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CE Professional Case Management Vol. 20, No. 4, Copyright 2015 Wolters Kluwer Health, Inc. All Rights Reserved. Hearing the Veteran s Voice in Congestive Heart Failure Readmissions Carl W. Stevenson,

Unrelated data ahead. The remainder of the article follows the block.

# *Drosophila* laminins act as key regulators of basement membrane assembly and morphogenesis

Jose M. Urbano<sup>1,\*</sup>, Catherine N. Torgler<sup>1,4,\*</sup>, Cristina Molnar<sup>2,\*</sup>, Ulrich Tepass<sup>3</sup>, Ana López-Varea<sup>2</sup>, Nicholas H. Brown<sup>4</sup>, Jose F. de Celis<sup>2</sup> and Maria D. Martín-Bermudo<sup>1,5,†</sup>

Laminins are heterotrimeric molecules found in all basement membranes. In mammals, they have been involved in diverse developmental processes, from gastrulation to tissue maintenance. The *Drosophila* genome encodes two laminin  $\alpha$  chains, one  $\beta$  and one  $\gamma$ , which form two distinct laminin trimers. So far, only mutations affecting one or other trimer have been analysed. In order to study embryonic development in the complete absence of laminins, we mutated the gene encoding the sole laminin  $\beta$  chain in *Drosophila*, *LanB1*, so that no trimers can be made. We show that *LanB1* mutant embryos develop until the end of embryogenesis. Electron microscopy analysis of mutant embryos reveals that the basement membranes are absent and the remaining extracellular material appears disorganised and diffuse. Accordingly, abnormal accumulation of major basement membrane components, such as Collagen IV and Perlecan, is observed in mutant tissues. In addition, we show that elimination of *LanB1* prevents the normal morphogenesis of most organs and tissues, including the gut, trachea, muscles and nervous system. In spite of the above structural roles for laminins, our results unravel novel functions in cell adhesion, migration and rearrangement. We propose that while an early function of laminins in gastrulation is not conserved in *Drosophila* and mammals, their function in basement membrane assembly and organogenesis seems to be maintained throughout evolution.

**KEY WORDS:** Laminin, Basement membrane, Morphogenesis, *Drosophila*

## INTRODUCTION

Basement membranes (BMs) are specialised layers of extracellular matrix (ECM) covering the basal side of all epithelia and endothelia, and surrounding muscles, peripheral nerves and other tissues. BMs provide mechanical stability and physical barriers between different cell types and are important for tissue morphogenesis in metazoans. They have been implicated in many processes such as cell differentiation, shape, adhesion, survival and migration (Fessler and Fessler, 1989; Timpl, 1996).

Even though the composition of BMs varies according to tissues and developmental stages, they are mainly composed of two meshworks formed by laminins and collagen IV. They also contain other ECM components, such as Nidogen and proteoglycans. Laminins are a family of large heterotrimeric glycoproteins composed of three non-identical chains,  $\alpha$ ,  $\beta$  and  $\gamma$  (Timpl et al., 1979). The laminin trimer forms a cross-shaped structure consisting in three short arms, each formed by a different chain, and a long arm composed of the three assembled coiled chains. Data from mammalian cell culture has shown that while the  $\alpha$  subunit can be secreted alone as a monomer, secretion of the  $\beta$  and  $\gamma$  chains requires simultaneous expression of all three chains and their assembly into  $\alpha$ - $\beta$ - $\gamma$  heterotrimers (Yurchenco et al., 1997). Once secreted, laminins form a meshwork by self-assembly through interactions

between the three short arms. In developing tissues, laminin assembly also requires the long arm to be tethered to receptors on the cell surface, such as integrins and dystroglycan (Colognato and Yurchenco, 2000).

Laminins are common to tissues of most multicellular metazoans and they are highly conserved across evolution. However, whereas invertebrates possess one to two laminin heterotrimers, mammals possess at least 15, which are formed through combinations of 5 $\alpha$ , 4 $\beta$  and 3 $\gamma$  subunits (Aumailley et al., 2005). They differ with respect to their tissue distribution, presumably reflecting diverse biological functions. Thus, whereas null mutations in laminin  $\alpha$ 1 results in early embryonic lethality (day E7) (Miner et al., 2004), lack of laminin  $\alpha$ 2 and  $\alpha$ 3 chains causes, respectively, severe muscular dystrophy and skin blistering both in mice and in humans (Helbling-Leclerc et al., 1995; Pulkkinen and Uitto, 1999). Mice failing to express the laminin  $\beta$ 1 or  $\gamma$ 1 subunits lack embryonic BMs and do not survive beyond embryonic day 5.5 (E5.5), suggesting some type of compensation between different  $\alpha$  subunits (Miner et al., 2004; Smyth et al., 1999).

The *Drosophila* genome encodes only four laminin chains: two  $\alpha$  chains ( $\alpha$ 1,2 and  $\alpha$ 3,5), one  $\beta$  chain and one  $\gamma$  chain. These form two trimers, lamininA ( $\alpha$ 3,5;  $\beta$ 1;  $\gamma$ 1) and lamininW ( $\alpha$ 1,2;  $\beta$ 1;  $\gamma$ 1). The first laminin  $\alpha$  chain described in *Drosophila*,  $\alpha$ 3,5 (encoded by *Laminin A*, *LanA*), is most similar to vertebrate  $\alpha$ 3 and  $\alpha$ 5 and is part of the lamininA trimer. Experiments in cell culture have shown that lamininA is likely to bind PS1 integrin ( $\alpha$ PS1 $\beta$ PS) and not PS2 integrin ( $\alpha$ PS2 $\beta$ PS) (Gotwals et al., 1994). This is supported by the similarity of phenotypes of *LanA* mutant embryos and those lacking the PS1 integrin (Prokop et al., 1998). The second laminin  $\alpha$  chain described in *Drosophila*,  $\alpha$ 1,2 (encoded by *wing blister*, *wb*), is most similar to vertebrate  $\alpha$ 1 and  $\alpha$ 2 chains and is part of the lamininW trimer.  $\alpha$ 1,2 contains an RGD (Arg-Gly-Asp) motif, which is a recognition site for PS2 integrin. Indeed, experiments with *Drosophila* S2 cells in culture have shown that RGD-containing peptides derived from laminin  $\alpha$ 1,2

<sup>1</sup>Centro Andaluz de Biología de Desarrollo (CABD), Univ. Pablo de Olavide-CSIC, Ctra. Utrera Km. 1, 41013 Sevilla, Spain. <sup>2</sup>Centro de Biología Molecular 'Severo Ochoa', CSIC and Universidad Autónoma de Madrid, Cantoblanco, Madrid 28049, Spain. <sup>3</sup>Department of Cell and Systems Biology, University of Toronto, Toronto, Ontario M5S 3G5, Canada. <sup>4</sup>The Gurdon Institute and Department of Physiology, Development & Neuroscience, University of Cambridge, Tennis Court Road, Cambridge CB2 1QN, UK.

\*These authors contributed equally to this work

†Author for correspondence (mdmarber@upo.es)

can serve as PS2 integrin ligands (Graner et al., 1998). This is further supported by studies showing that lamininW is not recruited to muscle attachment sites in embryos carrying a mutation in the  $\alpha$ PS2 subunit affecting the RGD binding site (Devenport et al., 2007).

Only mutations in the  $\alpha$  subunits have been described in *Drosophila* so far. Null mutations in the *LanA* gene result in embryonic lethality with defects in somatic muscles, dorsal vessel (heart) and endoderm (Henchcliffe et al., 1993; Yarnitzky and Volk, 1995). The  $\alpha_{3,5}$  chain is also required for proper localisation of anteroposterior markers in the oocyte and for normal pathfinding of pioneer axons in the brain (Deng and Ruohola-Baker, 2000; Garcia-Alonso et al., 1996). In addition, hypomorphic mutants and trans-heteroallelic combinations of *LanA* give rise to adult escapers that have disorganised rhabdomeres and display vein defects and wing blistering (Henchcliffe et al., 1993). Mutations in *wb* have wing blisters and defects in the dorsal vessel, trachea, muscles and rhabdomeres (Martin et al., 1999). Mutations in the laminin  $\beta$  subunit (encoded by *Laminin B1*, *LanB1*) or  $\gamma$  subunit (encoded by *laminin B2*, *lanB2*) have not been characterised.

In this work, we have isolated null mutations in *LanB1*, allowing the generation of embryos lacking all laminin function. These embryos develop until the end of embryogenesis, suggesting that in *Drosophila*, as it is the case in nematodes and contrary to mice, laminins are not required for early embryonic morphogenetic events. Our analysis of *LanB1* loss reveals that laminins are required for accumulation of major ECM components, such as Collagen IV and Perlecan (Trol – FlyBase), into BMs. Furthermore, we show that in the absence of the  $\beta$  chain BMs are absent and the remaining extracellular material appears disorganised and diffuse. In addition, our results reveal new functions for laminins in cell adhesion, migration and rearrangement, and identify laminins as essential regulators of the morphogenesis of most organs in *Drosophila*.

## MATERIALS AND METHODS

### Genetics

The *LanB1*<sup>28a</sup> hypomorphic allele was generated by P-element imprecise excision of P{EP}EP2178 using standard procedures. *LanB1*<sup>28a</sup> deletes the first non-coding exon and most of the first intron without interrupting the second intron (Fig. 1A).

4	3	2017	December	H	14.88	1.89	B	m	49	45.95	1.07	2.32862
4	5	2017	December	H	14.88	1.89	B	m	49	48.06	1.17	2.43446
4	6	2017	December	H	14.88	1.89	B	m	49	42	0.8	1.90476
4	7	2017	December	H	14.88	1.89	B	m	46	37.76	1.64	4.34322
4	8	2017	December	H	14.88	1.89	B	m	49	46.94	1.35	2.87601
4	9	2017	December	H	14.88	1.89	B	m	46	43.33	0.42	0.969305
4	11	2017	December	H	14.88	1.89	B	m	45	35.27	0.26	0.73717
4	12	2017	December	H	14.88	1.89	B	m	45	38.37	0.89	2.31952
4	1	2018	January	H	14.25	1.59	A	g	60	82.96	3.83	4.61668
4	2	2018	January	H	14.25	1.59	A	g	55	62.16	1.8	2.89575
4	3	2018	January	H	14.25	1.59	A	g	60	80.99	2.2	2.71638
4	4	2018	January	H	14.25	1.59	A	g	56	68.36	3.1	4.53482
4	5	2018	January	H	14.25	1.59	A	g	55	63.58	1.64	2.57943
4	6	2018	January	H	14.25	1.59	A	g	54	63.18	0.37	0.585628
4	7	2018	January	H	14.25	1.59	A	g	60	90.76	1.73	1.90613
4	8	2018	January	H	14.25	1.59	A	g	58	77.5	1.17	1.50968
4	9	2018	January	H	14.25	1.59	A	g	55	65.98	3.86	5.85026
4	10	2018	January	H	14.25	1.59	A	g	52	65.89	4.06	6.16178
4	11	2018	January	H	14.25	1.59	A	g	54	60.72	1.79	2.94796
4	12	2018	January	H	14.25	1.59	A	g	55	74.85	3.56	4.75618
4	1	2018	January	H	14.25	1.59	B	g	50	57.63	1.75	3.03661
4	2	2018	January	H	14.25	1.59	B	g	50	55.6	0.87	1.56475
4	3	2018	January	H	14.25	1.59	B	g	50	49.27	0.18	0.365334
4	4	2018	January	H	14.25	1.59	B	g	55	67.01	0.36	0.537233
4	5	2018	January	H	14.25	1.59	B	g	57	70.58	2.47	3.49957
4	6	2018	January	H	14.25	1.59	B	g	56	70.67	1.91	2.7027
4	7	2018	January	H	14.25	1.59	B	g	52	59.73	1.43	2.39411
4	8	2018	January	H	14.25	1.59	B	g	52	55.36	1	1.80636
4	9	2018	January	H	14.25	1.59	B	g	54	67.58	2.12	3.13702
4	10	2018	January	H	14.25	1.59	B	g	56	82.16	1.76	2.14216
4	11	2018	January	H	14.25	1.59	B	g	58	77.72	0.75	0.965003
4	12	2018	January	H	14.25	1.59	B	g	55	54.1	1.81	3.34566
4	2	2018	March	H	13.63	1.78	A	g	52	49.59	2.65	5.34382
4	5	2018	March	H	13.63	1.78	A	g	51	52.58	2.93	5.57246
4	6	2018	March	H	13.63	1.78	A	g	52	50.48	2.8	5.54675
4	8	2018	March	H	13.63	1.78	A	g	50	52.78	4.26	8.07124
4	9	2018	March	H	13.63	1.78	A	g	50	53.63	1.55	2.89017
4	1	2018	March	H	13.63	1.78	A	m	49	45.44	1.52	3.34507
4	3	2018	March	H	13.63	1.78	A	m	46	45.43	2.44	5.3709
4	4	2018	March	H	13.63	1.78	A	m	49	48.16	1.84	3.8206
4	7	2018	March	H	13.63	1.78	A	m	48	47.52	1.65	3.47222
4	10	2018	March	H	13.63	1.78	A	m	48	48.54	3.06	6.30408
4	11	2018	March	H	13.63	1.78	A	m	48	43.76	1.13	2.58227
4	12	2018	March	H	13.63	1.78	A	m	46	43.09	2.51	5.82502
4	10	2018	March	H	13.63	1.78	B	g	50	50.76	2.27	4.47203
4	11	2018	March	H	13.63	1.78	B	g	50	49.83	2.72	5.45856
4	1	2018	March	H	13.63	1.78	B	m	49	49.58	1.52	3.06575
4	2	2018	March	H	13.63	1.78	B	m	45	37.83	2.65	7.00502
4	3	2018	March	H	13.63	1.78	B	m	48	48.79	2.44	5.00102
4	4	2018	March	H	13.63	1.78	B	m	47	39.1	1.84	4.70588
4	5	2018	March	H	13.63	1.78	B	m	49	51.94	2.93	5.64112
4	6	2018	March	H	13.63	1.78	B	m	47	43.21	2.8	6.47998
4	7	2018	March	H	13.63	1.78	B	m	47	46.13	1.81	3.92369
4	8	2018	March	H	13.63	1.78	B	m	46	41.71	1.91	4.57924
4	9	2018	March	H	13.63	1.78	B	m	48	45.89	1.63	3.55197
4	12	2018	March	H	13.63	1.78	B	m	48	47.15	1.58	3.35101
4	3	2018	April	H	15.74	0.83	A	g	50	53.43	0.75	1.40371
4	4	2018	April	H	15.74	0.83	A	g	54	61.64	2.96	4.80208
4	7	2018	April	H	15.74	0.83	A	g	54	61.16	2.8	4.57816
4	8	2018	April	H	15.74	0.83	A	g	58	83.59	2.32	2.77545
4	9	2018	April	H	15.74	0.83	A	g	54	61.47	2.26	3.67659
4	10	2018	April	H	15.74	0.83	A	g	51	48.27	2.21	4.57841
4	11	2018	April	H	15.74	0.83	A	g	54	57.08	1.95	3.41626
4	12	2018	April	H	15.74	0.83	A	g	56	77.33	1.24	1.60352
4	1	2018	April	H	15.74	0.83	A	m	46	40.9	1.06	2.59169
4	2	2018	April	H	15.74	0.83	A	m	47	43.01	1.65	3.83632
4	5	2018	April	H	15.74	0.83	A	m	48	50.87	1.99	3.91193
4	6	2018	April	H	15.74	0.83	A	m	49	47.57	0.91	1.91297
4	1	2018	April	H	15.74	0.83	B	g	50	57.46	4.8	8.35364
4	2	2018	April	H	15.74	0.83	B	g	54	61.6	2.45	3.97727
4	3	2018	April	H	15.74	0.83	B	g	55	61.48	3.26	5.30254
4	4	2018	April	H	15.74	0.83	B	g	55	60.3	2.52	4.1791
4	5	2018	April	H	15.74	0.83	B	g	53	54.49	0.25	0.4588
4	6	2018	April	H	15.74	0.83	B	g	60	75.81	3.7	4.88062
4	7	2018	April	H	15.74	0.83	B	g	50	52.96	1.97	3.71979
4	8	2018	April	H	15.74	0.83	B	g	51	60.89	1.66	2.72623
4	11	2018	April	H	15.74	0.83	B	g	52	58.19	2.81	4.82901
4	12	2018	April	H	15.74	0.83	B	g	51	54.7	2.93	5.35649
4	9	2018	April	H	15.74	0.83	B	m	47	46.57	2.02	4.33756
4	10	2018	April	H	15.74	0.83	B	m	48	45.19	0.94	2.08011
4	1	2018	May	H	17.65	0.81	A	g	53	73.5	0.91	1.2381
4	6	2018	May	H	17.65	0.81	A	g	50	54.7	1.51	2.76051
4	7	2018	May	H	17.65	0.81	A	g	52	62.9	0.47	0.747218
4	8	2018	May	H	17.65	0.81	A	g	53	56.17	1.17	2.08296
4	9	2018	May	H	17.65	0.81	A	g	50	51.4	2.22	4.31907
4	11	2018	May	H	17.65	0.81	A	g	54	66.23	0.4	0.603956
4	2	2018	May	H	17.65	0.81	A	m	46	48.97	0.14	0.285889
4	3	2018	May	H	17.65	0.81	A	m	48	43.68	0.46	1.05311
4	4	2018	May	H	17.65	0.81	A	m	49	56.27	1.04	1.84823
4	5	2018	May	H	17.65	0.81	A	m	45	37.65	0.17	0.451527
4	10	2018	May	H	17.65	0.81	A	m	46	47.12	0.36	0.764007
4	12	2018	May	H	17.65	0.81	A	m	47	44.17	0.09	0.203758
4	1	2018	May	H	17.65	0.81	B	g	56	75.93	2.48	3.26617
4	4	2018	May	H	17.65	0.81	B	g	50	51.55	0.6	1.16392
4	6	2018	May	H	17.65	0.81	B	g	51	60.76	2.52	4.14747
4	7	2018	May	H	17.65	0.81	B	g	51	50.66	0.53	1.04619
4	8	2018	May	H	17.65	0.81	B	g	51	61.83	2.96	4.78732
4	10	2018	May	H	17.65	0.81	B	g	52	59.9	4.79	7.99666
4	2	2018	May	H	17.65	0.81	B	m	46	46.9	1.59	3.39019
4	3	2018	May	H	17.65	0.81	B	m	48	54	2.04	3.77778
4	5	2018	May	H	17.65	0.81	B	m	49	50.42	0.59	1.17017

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CE Professional Case Management Vol. 20, No. 4, Copyright 2015 Wolters Kluwer Health, Inc. All Rights Reserved. Hearing the Veteran s Voice in Congestive Heart Failure Readmissions Carl W. Stevenson, RN, BSN, Daria Pori, RD, DSO, Kattie Payne, PhD, MSN, RN, Mary Black, RN, MSN, and Victoria E. Taylor, BSN, MSA ABSTRACT Purpose/Objective: Our purpose was to examine congestive heart failure (CHF) readmissions from the veterans perspective. The use of health care provider interventions, such as standardized education materials, home telehealth, and a CHF clinic, was able to reduce readmissions rates from 35% to 23%. Our objective was to use input from the veterans to fine-tune our efforts and achieve readmission rates for patients with CHF below the national average of 21%. We wanted to identify factors that result in CHF readmissions, including disease education, self-care management, and barriers to self-care. This study was directed toward answering two questions: 1. What is the veteran s explanation for readmission? 2. According to the veteran, what are the barriers to following their treatment regimen? Primary Practice Setting: It was a rural 84-bed Veterans Health Administration hospital in the Western United States. Findings: Before this study, our efforts to reduce CHF readmissions were one-sided, all from the health care professionals viewpoint. We wanted to hear what the veteran had to say; so, we interviewed 25 veterans. Four veterans were excluded due to issues with their consents. Ninety percent ( n = 19/21) responded that they knew their CHF was worse by a change in their breathing (shortness of breath). They identified 48 signs/symptoms that indicated worsening CHF. Weight gain was noted as an indication of worsening CHF symptoms ( n = 6/48) in 12.5% of the responses. Twenty-five percent ( n = 12/48) of the veterans stated they recognized the early symptoms of worsening CHF. Thirty-eight percent ( n = 8/21) of the veterans stated they had early symptoms of worsening CHF, but only two of them contacted their doctor. It is interesting to note that only 29% ( n = 6/21) of the veterans recognized weight gain as a sign of worsening CHF and all of these veterans listed other symptoms (such as shortness of breath) along with weight gain. Weighing on a daily basis was practiced by only 30% of the group ( n = 7/21); all but two of the veterans had no problems with weighing themselves. More than 71% of the veterans responded that they had no problems following their diet or taking their medications. More than half of the veterans did not need help with meals, transportation, or daily grooming/dressing/toileting. Conclusions: We were concerned about the evident delays in seeking medical care for worsening CHF. All veterans who did need help with the activities of daily living, medications, or diet had their needs met through their support systems. They did not perceive any barriers to seeking care. However, there remain many unanswered questions. Does the patient understand their discharge education and know how to use this information from daily weights or recognition of early symptoms, to indicate their need for urgent and emergency medical interventions? Or is it a problem that the education is not sufficient? Is it a question of the burden of care from multiple comorbid conditions or of taking too many medications? Do social issues drive readmissions? These questions are further explored in a second study, which is in the data analysis stage. Implications for Case Management Practice: There are three key findings from our study. 1. Veterans think in terms of symptoms that increase the impact of CHF on their life. 2. The relationship between daily weight and controlling CHF is not clear to veterans. 3. Hospital discharge instructions should clearly associate symptoms that are associated with worsening CHF. Key words: CHF, readmissions, veterans perspective Our facility is a small, rural Veterans Hospital located in the Western United States. From 2009 to 2010, our hospital had 1003 veteran admissions for congestive heart failure (CHF). Of these, 355 or 35% had readmissions; we were well above the national average of 21% for the CHF The authors report no conflicts of interest. Address correspondence to Carl W. Stevenson, RN, BSN, Boise VA Medical Center, 500 West Fort Str, Boise, ID ( ). DOI: /NCM Vol. 20/No. 4 Professional Case Management 177 readmission rate. This really caught our attention. As nurses and dietitians in the inpatient area, we wanted to know why these patients were having such frequent readmissions, and, more importantly, how we could help prevent them. BACKGROUND Heart disease is the most expensive cause of morbidity and death in the United States. More than 5 million people have some degree of CHF, of which about 50% of these people will die within 5 years of diagnosis. CHF costs the United States about $32 billion in health care expenditures each year ( Go et al., 2013 ). Estimates indicate that CHF is the single most common reason for hospital admissions among older adults and results in about 6.5 million days in the hospital each year ( Lopert et al., 2012 ). A review of the literature review revealed key reasons for CHF readmissions as being the complexity of the disease and its interaction with comorbid conditions, the difficulties associated with coordination of multidisciplinary health care, and the poor outcomes patients often experience. COMPLEXITY AND COMORBID CONDITIONS CHF is a complex syndrome resulting from various structural or functional heart problems that impair the ventricles ability to fill with, or eject, blood. Although about 50% of the people with CHF die within 5 years after diagnosis, early diagnosis and adequate treatment can lengthen life expectancy and improve the quality of life. Treatment involves a daily regimen of medications, low-sodium diet, and physical exercise. In addition, the treatment must be tailored to the underlying cause of the condition and the heart failure stage, as well as the individual s comorbid conditions ( National Clinical Guideline Centre, 2010 ). Most patients with CHF have other chronic health problems, as well. Reports show that more than 80% of patients with heart failure older than 65 years have four or more comorbid conditions ( Van der Wel et al., 2007 ). The literature revealed that a universal lack of understanding related to signs of a worsening condition and when to seek appropriate health care were just as prevalent as the lack of understanding regarding the disease and its prognosis. This literature review also noted the heavy burden of self-care management on the patient and his/ her condition. Dietary and fluid restrictions and daily weighing were noted as problematic in these patients who struggled with unquenchable thirst and the need to restrict fluids. In addition, with multiple comorbid conditions, these patients often dealt with medication side effects and medication interactions ( Annema, Luttik, & Jaarsma, 2009 ). HEALTH CARE EFFORTS Many efforts have been made to improve the CHF patient s outcomes. These have been directed toward optimizing the patient s treatment as the disease progresses, educating the patient for self-care to improve their adherence to treatment, and close follow-up by a health professional ( Gwadry-Sridhar, Flintoft, Lee, Lee, & Guyatt, 2004 ; Kim & Han, 2013 ). The Veterans Health Administration (VHA) implemented two initiatives to address the care of veterans with CHF. The first was a comprehensive CHF toolkit for providers to use when treating veterans with the condition. This toolkit focused on key parts of CHF management and included algorithms for medical management and patient discharge self-care instructions, covering medication, diet restrictions, weighing daily, and activity level ( VA Quality Enhancement Research Initiative, 2010 ). The second initiative was the Hospital to Home (H2H) program. The H2H program was developed collaboratively with the Institute for Healthcare Improvement and the American College of Cardiology to reduce CHF readmission rates. The focus areas for the H2H program were medication management (e.g., patient is competent with their medication regimen), early follow-up after hospital discharge (e.g., scheduling follow-up appointments within a week of discharge), and symptom management (e.g., assuring that the patient knows when to call for medical attention and who to contact) ( Hospital to Home, 2013 ). RISING HOSPITAL READMISSIONS Despite these efforts toward improving care for patients with CHF, hospital readmissions for CHF have continued to rise. In 2008, the National Institutes of Health sponsored a clinical trial called the Heart Failure Adherence and Retention Trial to compare deaths and CHF hospitalizations between a patient self-management skills training with a CHF education group and a CHF education alone group ( Powell et al., 2008 ). Results from the study indicated no difference between the patient groups with regard to death rates, hospitalizations, or quality of life ( Powell et al., 2010 ). STUDIES OF READMISSIONS Annema et al. (2009) conducted the first study to examine hospital readmissions of patients with CHF from different perspectives: patient, caregiver, cardiologist, and the nurse. Several reasons for readmission were identified, including worsening symptoms, comorbid health conditions, and lack of compliance with treatment (such as nonadherence to diet, fluid restrictions, or 178 Professional Case Management Vol. 20/No. 4 medications). Inadequate medications for treating the disease and inadequate help from health professionals were also identified as factors that led to readmission. The findings also indicated that 23 31% of the readmissions were believed to be preventable. This study found that patients, care givers, and health professionals did not always agree regarding the reason for readmission (Granger, Sandelowski, Tahshjain, Swedberg, & Ekman, 2009). This disagreement may be the underlying factor that interferes with the patient s ability to carry out the treatment plan on a daily basis. These findings imply that patient education should focus on recognition of symptoms and appropriate actions for those symptoms to decrease hospital readmissions. Several patient factors have been identified as significantly related to hospital readmissions. Shippee, Shah, May, Mair, and Montori (2012) designed a patient-centered model for patient complexity (cumulative complexity model) that considers clinical and social factors that shape access, utilization, self-care, and health for the individual patient. The patient complexity factors were categorized into two areas: workload (demands on the patient time and energy) and capacity (personal resources, social support, and abilities and limitations). Workload and capacity interactively affect the patient s ability to access and utilize health care resources, as well as perform self-care related to their disease. Multiple health conditions compound this burden for the patient. PATIENT EDUCATION Strengthening patient education can improve selfcare behaviors and decrease readmissions to the hospital. One VHA medical center formed an interdisciplinary team to develop and implement an outpatient heart failure education program in an effort to improve patient compliance with treatment. A study compared the usual education provided for discharged patients with the education provided by an interdisciplinary team in a group setting. Their findings supported interdisciplinary education decreasing the 30-day readmission rate, but at 60 and 180 days, there was a gradual increase in their reported readmission rates ( Gerdes & Lorenz, 2013 ). Other studies identified various reasons patients with CHF do not comply with their treatment. Reasons for not complying with the medications include expense, attitudes about medications, effects on sexual function, and not being convinced that the medication helps their condition. Other reasons for not complying with treatment include having other chronic conditions that require self-care, poor health care literacy, depression, and personal cultural factors. Reasons for not complying with the medications include expense, attitudes about medications, effects on sexual function, and not being convinced that the medication helps their condition. Other reasons for not complying with treatment include having other chronic conditions that require self-care, poor health care literacy, depression, and personal cultural factors ( Crocker, Crocker, & Greenwald, 2012 ; Steele et al., 2010 ). Studies using self-report of medication adherence indicates that about 90% of patients take their medications as prescribed. On the other hand, Calvin et al. (2012) found that 37% of patients took less than 80% of their prescribed medications. FACILITY-SPECIFIC INTERVENTIONS Our facility s initial knee-jerk response to reduce CHF readmissions was to improve our patients knowledge by putting together a standardized discharge education packet. The packets included educational materials and a checklist to ensure that the education was completed before discharge. In addition, providers enrolled veterans with CHF in the Care Coordination Home Telehealth (CCHT) program and referred them to a newly opened outpatient CHF clinic. After these initiatives were put in place, the readmissions rate went to about 23%, but we wanted to do better. We went back to the drawing board, and decided we needed more information. So we decided to look at the part of the equation we had not considered, namely what Our facility s initial knee-jerk response to reduce CHF readmissions was to improve our patients knowledge by putting together a standardized discharge education packet. After these initiatives were put in place, the readmissions rate went to about 23%, but we wanted to do better. So we decided to look at the part of the equation we had not considered, namely what our patients thought was contributing to their readmission. Thus evolved our patient interview study. Vol. 20/No. 4 Professional Case Management 179 our patients thought was contributing to their readmission. Thus evolved our patient interview study. METHODS Design Our study was a qualitative design in which we interviewed 25 patients readmitted for CHF during Setting We are a small, rural VHA medical center that is the main source of medical treatment for about 94,000 veterans living in our service area. Some of those veterans are from larger urban areas, but most come from small towns and outlying farms and ranches, and finally some of these veterans are homeless. The local VHA leadership, the institutional review board, and the Boise Research and Development Committee approved the study. Procedure To help us design the study, we used a report from the Institute for Healthcare Improvement and Robert Wood Johnson Foundation, How-to Guide: Creating an Ideal Transition Home for Patient With Heart Failure. This report was part of the Transforming Care at the Bedside national program to improve the quality and safety of patient care on medical and surgical units, to increase the vitality and retention of nurses, and to improve the effectiveness of the entire care team ( Nielsen et al., 2008, pg. 1). Because our goal was to find out what our veterans, with CHF, thought contributed to their readmission to the hospital, we developed a short questionnaire (based on the How-to Guide ) that asked about the patient s recognition of symptoms, perceived barriers to care, and what they perceived caused the readmission. Then, we interviewed patients readmitted from January through May All patients had CHF as a primary or secondary diagnosis. The patients signed a consent form at the time of the interview. RESULTS We interviewed 25 veterans in their hospital rooms. We had to exclude four interviews because of problems with the consents. Of the 21 veterans whose information we could use, only four were readmitted with a primary diagnosis of CHF. The rest of the veterans had secondary diagnoses of CHF. The veteran interview questionnaire contained seven questions. We have presented the information gathered from each question individually. TABLE 1 Veteran Responses to Question 1: Reason for Readmission (n = 21) It s probably nothing that I ate or drank, probably more worrying about going belly up Loss of breath 3 months ago when they switched my medication I could feel my breathing getting worse My doctor cut my Lasix back. My swelling increased in my legs. It kept getting worse and I got short of breath I had coughing and trouble breathing, I think it started with my lungs, I gained fluid weight I had a PA, change my medication, and take my water pill out of the meds. Ongoing heart problem, there is nothing they can do to fix it My oxygen count was low, they found at today s doctor s appointment Smoking I guess, my lung overtaxed my heart, maybe exertion I had chest pain and shortness of breath I was having coughing, shortness of breath, and wheezing I couldn t breathe, my lungs were filling up with fluid I smoked too many cigarettes They did not take off as much fluid during dialysis for a month or so. I was getting short of breath This time I was coughing and I passed out. I was driving my car and I passed out I let it go until I was too uncomfortable to go any longer Infection to left foot, atrial fibrillation caused my heart to get stressed My legs swelled Had a heart attack My breathing was worse I went blank, I passed out Question One: How Do You Think You Became Sick Enough to Be Readmitted to the Hospital? Some veterans identified more than one cause for their readmission. Their answers revealed that they viewed the readmission in terms of their symptoms, with shortness of breath or breathing difficulty being the primary symptom reported (9 of the 21 responses). Table 1 contains the veteran responses to question 1. Question 2: Was There a Doctor Office Visit Scheduled Before This Admission to the Hospital? It was interesting to note that over half of the veterans ( n = 12 or 57%) had a scheduled office visit before this admission. Conversely, nine patients (43%) did not have a prior scheduled office visit. The second half of question 2 pertained to whether the veteran perceived problems with scheduling or getting to the clinic appointment. One veteran responded that he was confused about the appointment date. Another stated he had had several 180 Professional Case Management Vol. 20/No. 4 appointments during that month for the same problem. A third stated that he had gone to the emergency department and a fourth stated that he had difficulty walking. The responses revealed no common difficulties with either scheduling an appointment or being able to get to the appointment. Questions 3: How Often Have You Weighed Yourself Since Your Last Admission to the Hospital? For this question, only 17 interviews were completed because four of the veterans received a prior approved questionnaire that did not contain this question. Six of the 17 veterans (35%) weighed themselves daily, four (24%) weighed weekly, two (12%) weighed two to three times per week, and three (18%) weighed four to five times per week. Only one veteran did not weigh himself at all. Table 2 presents the responses for frequency of weighing among the veterans. The second half of question 3 asked whether the veteran had problems weighing himself. Only two responded that they had problems, and each of those stated that someone in their assisted living home weighed them. Questions 4: Have Any of the Following Interfered With Your Ability to Follow the Diet Your Doctor Prescribed for You? Fifteen veterans (71%) responded that they had no problems following the prescribed diet. Three responded that the assisted living home handled their diet and two responded that transportation interfered with their